Real estate and housing prices are major political issues dominating South Korean domestic political debate in the run-up to the March 9 presidential election. Many of President Moon Jae-in’s policies aimed at stabilizing the housing market have largely failed to deliver their intended results. Debates over real estate policy will have a consequential impact on the 2022 presidential election outcome; accordingly, real estate policy was the first issue selected for discussion in South Korea’s first official four-way presidential debate held on February 3, 2022.
Origins of the Real Estate Issue
Real estate and the unstable housing market have served as a source of domestic turmoil in South Korea, particularly in recent years. Unlike the United States, where economic interests are dispersed among major cities outside of the capital and spread across the continental United States, Seoul is not only the capital city but also represents the commercial, financial, and administrative hub for South Korea. The geographic concentration of half of South Korea residing in Seoul has created high demand for the population to live and buy housing in the metropolitan area, yet supply remains limited and unable to adequately meet rising demand.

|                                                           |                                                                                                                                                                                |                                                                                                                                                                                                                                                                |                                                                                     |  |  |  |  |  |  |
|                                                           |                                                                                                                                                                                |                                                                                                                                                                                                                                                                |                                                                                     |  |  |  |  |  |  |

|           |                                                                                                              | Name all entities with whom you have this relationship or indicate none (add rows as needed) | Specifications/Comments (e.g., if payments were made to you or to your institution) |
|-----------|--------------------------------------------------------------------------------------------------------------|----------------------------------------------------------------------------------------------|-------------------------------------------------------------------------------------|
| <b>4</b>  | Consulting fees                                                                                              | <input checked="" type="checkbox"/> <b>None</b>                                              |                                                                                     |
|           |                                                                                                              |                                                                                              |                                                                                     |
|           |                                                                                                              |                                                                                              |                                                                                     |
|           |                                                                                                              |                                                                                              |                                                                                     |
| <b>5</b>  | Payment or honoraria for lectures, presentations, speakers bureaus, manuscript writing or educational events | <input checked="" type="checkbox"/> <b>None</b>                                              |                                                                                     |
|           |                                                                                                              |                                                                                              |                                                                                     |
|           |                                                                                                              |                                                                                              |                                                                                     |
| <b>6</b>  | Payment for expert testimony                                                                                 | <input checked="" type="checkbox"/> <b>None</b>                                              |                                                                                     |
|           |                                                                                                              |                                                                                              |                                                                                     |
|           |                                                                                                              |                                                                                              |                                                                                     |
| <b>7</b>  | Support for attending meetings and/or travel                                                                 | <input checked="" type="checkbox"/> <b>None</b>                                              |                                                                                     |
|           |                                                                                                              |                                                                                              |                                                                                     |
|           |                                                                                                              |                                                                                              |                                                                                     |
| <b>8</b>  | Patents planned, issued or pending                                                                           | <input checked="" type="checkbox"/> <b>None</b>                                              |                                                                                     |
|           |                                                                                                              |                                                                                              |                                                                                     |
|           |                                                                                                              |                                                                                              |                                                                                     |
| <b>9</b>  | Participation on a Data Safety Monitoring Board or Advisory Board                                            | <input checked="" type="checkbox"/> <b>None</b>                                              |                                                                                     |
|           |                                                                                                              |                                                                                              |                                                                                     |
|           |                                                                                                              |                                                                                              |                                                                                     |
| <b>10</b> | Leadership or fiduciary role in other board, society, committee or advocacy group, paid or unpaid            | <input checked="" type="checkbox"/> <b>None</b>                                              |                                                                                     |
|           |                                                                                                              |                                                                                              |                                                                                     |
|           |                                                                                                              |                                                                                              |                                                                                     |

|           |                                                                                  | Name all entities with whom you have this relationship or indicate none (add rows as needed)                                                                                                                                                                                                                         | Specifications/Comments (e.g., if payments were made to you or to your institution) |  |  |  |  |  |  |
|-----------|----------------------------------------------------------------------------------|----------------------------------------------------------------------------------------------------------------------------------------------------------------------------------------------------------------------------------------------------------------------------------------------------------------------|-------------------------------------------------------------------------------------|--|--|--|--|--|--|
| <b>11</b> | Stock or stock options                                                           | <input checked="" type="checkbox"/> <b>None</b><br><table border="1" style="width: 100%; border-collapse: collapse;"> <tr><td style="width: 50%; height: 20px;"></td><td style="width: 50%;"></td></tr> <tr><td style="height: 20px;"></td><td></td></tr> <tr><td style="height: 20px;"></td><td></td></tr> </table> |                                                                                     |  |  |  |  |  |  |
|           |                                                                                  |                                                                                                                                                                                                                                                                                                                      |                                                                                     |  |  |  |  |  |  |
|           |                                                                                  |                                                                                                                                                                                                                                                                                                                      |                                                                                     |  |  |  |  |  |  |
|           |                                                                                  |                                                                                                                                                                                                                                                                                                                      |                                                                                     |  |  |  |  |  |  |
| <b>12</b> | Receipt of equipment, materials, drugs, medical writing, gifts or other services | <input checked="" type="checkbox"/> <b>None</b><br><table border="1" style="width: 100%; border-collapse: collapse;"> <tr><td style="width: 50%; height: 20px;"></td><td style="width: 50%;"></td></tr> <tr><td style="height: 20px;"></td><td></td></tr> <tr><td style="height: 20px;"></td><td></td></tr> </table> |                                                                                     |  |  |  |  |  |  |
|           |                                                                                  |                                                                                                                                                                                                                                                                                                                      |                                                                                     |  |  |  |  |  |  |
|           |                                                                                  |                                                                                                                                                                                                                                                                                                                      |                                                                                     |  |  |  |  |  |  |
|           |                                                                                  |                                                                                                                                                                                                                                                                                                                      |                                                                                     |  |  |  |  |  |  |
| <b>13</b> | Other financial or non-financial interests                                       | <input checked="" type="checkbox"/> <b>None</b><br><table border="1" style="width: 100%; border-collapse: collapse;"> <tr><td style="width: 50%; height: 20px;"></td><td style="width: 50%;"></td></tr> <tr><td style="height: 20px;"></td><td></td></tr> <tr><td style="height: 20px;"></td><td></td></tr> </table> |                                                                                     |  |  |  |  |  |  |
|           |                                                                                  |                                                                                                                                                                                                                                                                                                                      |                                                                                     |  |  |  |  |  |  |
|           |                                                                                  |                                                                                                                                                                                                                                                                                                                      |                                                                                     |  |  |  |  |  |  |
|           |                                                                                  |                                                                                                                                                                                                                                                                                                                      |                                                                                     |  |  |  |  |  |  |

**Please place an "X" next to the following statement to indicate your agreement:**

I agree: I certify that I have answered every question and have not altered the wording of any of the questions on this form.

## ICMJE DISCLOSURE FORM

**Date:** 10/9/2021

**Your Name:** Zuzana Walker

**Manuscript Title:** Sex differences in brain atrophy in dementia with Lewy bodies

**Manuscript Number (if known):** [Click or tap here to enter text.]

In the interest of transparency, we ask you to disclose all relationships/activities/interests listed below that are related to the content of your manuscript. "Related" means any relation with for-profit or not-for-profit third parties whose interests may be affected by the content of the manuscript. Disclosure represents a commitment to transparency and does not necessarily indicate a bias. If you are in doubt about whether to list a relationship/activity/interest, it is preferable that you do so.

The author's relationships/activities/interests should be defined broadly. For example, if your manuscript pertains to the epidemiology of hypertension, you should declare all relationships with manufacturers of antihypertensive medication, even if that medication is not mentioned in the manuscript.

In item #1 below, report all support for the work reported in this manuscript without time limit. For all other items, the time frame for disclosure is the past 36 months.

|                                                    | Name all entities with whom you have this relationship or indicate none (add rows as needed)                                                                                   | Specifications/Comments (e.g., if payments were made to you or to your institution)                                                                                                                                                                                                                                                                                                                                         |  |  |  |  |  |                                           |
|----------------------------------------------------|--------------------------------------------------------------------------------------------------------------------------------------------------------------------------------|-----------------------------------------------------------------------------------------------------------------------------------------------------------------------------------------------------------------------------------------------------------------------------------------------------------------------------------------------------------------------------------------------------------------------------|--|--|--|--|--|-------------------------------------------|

The Jeonse rent system, unique to South Korea, has further contributed to the increasing housing prices of the greater Seoul area. Jeonse involves tenants paying a lump-sum deposit prior to moving in, rather than monthly rent, and receiving this amount back in full once the rental contract is up. This system allows landlords to accumulate wealth through their own investments as they purchase and rent out apartments within in-demand locations with the Jeonse deposit, an investment practice known as “Gap Investment.” Real estate speculation inflates housing demand as regular homebuyers and investors compete for an already-limited supply of homes, driving up prices in response to the higher-than-usual demand.